“Saint Nicholas,” I said.
“No, that wasn’t fast. Try it like it’s all one word and with his accent. SaintNicholas. Only real fast. SanNicholas.”
“Okay,” I said to humor him. “SantNeeCholas”
“Faster,” he said.
“SantNeeCholas. SantNeeCloas. SantNeClos.” I kept pronouncing it faster and faster until all the syllables ran together, and I pronounced, “Santa Claus.”
Alan began laughing. “See what I mean,” he said. “Maybe Nick wasn’t so crazy. Or maybe I’m the crazy one. But Nick thought he was Santa Claus.”
“You’ve got to be kidding me. This whole thing is unbelievable. That can’t be the guy who helped me find the envelope with my check.”
Alan and I had a good laugh and exchanged Christmas greetings. As I left, I told him that I would visit more often and volunteer to help. I thought my wife would like to volunteer also.
Once outside I began to walk on the sidewalk that skirted the park. What a day! A lost check led me to an encounter with someone considered dead by the few who know him. He was a knight in not–so–shining armor, and he led me to the secular grail of a $24,000 check. And he thought himself to be Santa Claus.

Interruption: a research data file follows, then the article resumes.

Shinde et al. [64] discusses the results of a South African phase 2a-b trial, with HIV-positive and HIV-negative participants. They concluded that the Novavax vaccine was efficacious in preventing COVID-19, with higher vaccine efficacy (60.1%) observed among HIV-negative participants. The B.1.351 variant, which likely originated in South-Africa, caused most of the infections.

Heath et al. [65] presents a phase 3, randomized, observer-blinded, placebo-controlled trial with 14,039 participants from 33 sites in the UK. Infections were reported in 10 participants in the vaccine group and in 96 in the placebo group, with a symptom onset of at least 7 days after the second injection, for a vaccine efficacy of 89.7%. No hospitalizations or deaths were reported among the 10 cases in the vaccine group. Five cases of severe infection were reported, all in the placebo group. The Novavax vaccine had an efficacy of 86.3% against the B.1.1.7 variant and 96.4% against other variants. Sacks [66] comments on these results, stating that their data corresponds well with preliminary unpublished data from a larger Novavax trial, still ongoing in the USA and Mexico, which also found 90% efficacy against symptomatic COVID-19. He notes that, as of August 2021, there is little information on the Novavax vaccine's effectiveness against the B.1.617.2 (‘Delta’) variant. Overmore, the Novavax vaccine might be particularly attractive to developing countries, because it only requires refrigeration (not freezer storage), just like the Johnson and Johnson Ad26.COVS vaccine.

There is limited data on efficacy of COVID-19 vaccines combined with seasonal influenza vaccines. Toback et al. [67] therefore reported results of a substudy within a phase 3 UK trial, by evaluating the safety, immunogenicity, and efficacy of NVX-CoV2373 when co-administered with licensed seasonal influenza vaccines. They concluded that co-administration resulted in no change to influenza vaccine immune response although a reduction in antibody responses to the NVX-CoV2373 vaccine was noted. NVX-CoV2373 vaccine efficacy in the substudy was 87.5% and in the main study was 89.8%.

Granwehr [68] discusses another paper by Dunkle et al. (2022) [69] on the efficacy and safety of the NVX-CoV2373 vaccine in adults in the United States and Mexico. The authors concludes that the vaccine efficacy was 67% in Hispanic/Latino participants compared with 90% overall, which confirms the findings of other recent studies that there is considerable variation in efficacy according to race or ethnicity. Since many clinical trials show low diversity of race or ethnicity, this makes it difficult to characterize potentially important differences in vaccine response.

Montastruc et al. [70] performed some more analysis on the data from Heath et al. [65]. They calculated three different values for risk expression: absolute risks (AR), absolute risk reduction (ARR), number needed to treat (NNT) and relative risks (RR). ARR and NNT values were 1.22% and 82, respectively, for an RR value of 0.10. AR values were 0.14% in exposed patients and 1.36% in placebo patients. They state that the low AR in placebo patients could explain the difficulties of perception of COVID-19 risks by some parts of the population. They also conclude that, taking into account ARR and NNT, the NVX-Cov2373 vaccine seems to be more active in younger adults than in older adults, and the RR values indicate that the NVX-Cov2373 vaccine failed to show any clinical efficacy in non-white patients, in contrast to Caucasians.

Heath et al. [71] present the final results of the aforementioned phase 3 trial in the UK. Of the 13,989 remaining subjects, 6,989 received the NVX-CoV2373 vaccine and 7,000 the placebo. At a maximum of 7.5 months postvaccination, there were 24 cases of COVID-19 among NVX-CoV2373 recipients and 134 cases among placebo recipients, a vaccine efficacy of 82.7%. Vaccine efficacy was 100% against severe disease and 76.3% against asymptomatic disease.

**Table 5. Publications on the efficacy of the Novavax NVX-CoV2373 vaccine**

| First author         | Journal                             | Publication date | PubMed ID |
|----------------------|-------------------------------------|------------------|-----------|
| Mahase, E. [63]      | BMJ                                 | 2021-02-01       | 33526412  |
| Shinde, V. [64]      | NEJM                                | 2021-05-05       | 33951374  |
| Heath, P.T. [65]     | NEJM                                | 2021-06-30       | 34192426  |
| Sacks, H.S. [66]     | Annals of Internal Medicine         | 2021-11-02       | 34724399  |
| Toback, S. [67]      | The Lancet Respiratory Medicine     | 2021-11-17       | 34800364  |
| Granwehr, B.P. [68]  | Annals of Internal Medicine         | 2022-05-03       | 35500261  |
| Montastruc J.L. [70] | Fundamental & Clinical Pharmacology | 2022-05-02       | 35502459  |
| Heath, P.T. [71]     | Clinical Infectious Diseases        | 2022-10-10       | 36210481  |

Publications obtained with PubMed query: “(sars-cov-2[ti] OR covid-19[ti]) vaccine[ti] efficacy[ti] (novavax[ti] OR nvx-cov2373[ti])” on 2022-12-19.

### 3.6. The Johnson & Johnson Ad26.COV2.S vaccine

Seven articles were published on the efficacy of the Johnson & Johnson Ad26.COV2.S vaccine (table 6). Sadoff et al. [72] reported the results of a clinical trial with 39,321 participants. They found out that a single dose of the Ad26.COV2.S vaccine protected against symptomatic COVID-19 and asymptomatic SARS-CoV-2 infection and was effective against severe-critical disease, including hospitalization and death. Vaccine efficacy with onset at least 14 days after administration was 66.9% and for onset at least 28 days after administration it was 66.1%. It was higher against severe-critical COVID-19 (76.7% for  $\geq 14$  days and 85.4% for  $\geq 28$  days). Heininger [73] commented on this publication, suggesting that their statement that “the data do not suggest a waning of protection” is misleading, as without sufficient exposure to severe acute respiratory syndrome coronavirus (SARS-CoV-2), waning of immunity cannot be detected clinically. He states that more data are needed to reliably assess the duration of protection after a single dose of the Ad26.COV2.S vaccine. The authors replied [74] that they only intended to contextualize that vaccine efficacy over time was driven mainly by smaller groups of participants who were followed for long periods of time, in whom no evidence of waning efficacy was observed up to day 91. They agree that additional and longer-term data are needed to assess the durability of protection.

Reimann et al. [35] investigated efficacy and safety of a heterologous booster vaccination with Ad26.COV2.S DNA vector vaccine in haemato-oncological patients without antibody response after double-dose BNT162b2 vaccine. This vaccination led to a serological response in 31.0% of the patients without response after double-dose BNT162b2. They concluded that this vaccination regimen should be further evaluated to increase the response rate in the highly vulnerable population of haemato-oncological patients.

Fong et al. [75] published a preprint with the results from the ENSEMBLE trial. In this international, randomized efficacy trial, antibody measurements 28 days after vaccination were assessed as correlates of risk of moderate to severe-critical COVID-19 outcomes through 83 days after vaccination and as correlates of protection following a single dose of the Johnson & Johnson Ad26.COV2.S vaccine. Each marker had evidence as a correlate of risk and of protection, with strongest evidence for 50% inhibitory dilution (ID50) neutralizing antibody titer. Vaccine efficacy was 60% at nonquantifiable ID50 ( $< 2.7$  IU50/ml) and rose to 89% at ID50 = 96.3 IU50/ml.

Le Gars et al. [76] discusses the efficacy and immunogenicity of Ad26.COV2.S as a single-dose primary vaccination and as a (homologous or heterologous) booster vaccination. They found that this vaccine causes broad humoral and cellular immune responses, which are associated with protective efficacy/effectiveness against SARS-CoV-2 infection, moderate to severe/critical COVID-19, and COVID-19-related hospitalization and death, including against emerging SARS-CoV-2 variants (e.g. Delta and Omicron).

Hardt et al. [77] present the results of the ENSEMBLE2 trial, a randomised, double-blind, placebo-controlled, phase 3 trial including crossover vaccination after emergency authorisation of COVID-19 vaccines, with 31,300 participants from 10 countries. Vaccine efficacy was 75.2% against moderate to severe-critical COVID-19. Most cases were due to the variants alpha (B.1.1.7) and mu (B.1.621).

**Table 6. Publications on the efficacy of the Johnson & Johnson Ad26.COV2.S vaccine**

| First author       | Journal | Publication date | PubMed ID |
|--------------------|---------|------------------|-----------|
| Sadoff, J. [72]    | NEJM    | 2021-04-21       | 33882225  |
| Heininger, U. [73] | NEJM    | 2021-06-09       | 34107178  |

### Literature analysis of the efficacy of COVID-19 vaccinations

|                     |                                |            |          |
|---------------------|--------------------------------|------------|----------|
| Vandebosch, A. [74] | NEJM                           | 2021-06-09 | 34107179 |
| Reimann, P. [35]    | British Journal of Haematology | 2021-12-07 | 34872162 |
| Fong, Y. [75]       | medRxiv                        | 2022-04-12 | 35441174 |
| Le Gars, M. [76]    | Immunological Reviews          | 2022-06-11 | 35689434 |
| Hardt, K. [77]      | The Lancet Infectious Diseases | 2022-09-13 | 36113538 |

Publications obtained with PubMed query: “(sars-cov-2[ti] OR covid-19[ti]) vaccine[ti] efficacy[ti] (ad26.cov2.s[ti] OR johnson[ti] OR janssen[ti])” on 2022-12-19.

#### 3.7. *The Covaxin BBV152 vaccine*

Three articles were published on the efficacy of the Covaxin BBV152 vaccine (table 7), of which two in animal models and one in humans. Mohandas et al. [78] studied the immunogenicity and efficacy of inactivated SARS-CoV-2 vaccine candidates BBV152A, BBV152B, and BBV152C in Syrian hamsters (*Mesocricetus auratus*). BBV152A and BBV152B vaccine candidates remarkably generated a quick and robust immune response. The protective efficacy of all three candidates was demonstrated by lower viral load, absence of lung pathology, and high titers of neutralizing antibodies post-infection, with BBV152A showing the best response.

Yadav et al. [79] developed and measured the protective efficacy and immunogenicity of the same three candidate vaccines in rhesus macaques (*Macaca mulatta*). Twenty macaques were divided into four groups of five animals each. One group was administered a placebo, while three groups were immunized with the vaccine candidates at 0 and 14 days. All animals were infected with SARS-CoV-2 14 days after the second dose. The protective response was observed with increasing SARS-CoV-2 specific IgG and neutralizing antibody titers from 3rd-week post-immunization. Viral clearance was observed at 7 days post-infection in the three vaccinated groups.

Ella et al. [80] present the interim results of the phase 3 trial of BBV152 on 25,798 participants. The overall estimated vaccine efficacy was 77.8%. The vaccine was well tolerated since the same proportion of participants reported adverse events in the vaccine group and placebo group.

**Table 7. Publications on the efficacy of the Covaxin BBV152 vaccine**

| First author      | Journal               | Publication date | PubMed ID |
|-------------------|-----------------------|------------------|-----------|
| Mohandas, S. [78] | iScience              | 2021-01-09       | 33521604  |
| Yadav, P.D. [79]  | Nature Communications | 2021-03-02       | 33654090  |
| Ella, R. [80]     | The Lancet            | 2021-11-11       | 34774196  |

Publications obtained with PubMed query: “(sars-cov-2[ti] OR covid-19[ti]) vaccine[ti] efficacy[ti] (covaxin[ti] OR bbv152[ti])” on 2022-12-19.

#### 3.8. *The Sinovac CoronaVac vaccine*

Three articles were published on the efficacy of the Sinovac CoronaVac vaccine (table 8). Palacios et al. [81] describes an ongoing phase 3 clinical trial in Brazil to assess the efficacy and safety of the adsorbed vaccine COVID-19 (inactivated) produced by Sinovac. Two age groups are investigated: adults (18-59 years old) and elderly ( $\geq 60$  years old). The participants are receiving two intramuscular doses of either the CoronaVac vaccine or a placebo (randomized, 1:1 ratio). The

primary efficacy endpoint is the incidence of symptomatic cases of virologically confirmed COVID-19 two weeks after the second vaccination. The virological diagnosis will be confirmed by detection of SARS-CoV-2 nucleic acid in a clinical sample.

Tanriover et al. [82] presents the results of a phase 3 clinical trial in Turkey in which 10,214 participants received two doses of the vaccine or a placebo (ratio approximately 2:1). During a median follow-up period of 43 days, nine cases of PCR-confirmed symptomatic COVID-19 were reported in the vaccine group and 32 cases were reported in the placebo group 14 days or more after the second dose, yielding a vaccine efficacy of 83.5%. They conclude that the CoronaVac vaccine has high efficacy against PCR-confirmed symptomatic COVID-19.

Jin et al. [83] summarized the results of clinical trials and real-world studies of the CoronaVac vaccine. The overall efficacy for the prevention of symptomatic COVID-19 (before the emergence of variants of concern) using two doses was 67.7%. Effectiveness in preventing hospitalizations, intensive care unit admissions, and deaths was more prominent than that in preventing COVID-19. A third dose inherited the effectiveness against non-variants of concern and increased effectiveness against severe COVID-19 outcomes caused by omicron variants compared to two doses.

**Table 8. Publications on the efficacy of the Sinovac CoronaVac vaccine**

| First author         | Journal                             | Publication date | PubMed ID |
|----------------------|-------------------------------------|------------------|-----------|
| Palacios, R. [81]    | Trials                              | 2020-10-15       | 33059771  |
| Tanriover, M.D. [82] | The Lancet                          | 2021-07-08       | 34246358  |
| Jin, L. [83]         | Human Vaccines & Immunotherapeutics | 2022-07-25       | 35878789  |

The cold front that had been forecast was making its way through our area. The wind had picked up, and the snow flurries had become flakes. The snow was starting to stick, and it looked like we would have a white Christmas. I looked up through a break in the clouds at the bright super moon and thought that for a brief second the moon took on that mocking facial expression of Neek the crazy Santa. It just couldn’t be. Could it?
Buzz Miller is a retired Army helicopter pilot and aerospace support manager. He spent a significant part of his time writing reports and proposals. He has started creative writing to expand his writing experience beyond the technical writing required in his work.